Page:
Skip to main content


Showing posts from April, 2014

The E.T. Effect

You know how, in E.T.:The Extra-Terrestrial, E.T. and Elliott are psychically connected, and then ultimately physiologically connected, and when ET gets sick from the unfriendly atmosphere of the Earth, Elliott gets sick too, and then eventually they both magically recover?

I would not have thought that I had that sort of connection with my oboe.  I’ve been subbing with the (amazing, excellent, inspiring) Milwaukee Symphony this week, and it’s been rough going for my new oboe and me.  I’ve been struggling to fit in with the group.  Most surprising to me were several low attacks that I really expected my Bulgheroni to carry off with aplomb.  I kept over- or under-blowing them and missing ever so slightly, and I was annoyed at myself, and super self-conscious about it.  And then annoyed that I was making so big a deal about myself, to myself, and then I would make more mistakes. 

Thursday morning, after two long days of hard commutes, I finally had time to get into a practice room and re…


You don’t play someone else’s solos on stage.  It’s one of the strictest pieces of orchestra etiquette out there, right along with Stop Playing when the Conductor Stops, and Turn off your Cell Phone, Already.  So strongly has this been ingrained in me that I was quite nervous while warming up for the set of concerts we just finished in Fort Wayne.

I was playing English horn on Samuel Barber’s Symphony No. 1.  This symphony features an enormous oboe solo, slow and arching and gorgeous, on some significantly awkward notes.  It’s a common audition excerpt and I’ve worked on it many times.  I would sooner die than let anyone hear me play that solo on the oboe while the orchestra’s excellent principal oboist was even in the same building, or town.  That melody, however, also happens to be one of the main themes of the entire symphony, and the English horn plays it with the violas when it first appears.  So, technically, it’s my solo too.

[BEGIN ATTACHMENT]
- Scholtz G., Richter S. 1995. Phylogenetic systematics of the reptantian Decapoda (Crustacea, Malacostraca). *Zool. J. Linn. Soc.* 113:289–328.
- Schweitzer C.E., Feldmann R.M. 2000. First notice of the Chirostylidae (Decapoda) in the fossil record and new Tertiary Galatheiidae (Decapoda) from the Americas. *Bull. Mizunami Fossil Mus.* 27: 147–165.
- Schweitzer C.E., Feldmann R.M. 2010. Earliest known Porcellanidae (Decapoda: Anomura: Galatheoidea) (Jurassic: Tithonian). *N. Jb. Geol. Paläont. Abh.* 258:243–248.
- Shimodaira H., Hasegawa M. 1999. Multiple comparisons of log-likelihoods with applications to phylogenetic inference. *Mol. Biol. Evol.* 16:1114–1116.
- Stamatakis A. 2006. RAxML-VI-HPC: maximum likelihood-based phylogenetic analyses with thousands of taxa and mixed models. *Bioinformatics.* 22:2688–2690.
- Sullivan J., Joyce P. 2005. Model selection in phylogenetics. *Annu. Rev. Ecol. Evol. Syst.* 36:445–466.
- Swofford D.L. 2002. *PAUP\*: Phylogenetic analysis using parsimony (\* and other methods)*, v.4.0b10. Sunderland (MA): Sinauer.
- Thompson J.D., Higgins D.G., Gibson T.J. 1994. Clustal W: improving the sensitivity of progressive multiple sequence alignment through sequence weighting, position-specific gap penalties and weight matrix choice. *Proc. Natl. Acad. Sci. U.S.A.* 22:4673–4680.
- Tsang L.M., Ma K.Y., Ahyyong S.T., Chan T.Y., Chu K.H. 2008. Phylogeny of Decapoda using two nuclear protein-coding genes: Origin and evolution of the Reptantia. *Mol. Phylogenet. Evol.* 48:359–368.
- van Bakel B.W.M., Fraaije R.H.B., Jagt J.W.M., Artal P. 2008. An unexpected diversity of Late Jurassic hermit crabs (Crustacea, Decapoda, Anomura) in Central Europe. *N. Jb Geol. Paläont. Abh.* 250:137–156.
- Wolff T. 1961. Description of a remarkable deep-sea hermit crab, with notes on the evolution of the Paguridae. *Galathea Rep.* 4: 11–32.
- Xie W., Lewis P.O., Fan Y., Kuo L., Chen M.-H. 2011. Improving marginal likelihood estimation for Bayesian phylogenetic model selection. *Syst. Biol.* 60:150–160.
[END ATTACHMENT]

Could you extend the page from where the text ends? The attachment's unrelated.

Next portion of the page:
When we play it, it’s in a different key, shorter,…

Needed This!

It is Spring Break.  Because I teach in so many places, and am not myself a student, this milestone has rarely been meaningful to me - so what if six of my kids are out of school in a given week?  I still have to teach the rest. 

But this week is Zoe’s Spring Break, and last week was one of the hardest I’ve had so far this season, and MERELY not having to drag a grumpy girl out of bed at seven each morning feels like a vacation.  Added to that, I’ve canceled all of my private students, even those who DON’T have break this week, and added to THAT, I have a fun concert to play in which I am not the boss of anything, and you can see why I am practically giddy with the freedom of it all.

I have always found myself to be two different people - one socially, and one professionally, with an oboe in my hand.  I am naturally an introvert and draw all of my energy from being at home and being alone.  But I act the extrovert very well.  Performing is my favorite thing to do, and that category …